This weeks Phillie of the week is Roy Halladay. Halladay cost the Phillies three of the their top four prospects in Kyle Drabek, Michael Taylor, and Travis D’arnaud. But not only did we get Halladay, but he agreed to sign to a short term extension, keeping him with the Phillies atleast until 2013.
Halladay is arguably the best pitcher in baseball. The Phillies are hoping that Halladay performs so well that he makes Phillies fans think “Cliff Who?” In his first spring outing Halladay through a modest 24 pitches over 3 innings. Only 3 of those 24 pitches were out of the strike zone.
We all knew that Halladay was going to be the Opening Day starter in DC on April 5th. Being only a couple of days away, my expectations are high. Almost as high as the excitement is in this town. Baseball is back and the boys of summer are too. The quest begins Monday afternoon. The quest for the four peat in the division. The quest for the three peat for the pennant. The quest to regain what was lost last fall, the World Series trophy and Roy Halladay will be one of the main reasons why we get there.
Over the last four seasons, Roy Halladay has averaged 34 starts per season. He has thrown atleast 220 innings in each of those years. His worst year out of those four? 2007. He only went 16-7 with a 3.71 ERA with 139 Ks and 48 BBs. He also only made 31 starts that season. Oh and if you live under a rock, he did that pitching in the American League. More importantly, primarily against the AL East.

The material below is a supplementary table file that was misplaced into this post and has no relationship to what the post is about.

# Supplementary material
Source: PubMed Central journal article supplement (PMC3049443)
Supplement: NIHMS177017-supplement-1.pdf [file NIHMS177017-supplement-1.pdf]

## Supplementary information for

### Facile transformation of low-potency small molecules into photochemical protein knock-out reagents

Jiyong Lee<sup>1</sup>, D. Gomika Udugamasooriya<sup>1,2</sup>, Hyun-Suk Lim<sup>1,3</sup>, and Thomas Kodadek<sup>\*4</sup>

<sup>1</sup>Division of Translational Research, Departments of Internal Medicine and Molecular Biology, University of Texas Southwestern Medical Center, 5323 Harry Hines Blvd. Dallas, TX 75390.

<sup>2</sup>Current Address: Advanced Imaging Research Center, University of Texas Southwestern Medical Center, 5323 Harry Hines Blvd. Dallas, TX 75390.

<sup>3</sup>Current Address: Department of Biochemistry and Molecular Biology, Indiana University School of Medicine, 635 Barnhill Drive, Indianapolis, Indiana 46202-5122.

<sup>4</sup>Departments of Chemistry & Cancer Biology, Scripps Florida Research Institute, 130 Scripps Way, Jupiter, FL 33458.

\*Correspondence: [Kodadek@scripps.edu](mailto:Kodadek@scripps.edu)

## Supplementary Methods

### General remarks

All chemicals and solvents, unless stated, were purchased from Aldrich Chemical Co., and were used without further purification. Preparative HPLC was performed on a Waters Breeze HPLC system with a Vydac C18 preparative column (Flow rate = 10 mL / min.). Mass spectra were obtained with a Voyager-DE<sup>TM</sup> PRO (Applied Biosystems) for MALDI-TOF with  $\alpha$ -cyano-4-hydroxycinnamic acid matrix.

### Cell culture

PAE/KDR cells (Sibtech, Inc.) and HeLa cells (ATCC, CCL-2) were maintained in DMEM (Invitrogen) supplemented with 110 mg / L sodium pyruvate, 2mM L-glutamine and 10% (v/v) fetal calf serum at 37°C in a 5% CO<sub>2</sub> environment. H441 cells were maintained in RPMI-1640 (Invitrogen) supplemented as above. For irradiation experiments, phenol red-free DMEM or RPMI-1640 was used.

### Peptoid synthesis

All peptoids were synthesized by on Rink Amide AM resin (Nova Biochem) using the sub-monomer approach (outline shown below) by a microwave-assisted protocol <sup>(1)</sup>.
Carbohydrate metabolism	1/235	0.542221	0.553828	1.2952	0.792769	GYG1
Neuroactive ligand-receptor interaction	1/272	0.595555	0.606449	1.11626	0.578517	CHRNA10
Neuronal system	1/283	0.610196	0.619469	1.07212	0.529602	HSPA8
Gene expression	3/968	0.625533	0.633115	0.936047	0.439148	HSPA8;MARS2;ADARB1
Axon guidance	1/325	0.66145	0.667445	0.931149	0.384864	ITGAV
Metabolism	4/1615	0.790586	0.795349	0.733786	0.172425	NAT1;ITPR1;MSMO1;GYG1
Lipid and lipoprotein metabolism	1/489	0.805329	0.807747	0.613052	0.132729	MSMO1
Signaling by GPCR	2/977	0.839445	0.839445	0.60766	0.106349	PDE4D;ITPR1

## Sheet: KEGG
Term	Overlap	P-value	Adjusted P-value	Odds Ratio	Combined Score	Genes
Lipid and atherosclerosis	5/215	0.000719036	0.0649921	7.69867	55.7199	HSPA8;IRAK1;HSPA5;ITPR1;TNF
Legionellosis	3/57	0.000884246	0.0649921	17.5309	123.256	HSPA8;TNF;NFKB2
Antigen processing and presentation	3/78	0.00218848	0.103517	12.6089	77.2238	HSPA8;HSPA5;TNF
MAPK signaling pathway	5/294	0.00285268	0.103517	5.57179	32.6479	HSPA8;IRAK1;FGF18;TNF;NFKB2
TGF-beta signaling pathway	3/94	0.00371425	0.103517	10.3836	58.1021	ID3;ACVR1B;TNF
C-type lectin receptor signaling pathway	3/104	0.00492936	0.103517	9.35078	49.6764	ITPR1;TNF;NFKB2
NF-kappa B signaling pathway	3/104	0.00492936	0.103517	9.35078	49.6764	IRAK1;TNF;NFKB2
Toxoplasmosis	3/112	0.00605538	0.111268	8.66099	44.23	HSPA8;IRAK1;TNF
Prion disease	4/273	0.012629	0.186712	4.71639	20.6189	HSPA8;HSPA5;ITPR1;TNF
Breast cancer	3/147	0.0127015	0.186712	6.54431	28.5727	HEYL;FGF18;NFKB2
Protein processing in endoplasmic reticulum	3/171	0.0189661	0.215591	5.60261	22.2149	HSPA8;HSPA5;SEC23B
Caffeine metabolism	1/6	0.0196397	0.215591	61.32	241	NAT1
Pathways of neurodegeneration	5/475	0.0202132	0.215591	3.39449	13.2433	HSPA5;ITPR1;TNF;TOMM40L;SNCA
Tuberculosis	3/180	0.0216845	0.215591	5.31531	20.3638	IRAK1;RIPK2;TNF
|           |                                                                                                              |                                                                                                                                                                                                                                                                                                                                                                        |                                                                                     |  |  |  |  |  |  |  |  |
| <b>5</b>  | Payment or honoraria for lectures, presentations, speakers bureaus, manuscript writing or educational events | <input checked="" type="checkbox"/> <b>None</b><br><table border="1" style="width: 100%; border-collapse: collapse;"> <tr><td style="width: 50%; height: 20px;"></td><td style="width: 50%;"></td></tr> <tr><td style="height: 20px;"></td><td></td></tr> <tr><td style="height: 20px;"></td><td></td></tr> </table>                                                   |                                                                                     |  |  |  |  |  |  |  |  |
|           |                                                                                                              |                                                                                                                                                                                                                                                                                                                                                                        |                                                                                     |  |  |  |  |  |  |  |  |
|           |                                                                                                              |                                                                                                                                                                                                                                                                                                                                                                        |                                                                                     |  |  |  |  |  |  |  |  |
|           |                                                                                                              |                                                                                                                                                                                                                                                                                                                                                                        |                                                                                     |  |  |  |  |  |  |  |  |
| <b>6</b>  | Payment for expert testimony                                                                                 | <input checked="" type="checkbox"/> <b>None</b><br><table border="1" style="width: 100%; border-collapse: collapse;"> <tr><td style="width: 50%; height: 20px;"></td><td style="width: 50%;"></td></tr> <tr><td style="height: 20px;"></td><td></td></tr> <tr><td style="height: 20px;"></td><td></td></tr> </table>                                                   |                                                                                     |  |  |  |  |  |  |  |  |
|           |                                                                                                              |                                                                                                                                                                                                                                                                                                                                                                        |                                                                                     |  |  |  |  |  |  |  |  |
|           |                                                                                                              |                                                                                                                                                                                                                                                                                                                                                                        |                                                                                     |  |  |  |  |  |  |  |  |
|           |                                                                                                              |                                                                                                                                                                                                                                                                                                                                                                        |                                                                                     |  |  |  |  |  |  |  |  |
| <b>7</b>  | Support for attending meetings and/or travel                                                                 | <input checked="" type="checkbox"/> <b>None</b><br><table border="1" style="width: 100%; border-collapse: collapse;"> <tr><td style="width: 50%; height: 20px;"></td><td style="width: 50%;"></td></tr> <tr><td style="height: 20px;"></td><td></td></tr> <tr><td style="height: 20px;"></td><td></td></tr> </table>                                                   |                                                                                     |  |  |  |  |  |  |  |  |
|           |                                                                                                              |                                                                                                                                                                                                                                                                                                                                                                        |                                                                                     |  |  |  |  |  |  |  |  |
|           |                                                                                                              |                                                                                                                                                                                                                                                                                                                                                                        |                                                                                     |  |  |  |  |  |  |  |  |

The last Phillie to have a similar record? Jamie Moyer matched that in 2008, when he went 16-7 with a 3.71 ERA. The long forgotten Jon Lieber did have a 17 win season in 2005, but had almost twice as many losses (13) in 4 more starts. Plus his ERA was a half a run higher. Hamels had a 15-5 season in 2007. Keep in mind, for Moyer, Lieber, and Hamels, these are all bests over the last five seasons. Halladay’s 16 win season was his worst.
All this leads me to wonder, what we should actually expect from Roy Halladay in 2010? ESPN projects him at 18 wins. Most “insiders” predict 20+ wins. One reporter even went as far as saying “Doc” could win as many as 25. The only problem I have with all of these predictions is that no one backs up with why outside of “He’s in the NL now.”
Before going foreward, I want you to realize that I cannot predict that actual dates that Halladay pitches outside of Opening Day. He could be shuffled for a big series. He might skip a start for an unkown reason. But for the intended purpose of this entry, I assumed that the Phillies are gonna use a four man rotation through April 24th to keep the starters on their 5 day rotation. I also assumed that Halladay would pitch in the mid-summer classic, which pushes his first post-ASB start to roughly the 17th of July. Finally, I do not expect Halladay to pitch in the final series, even though thru my assumptions he would, against the Braves.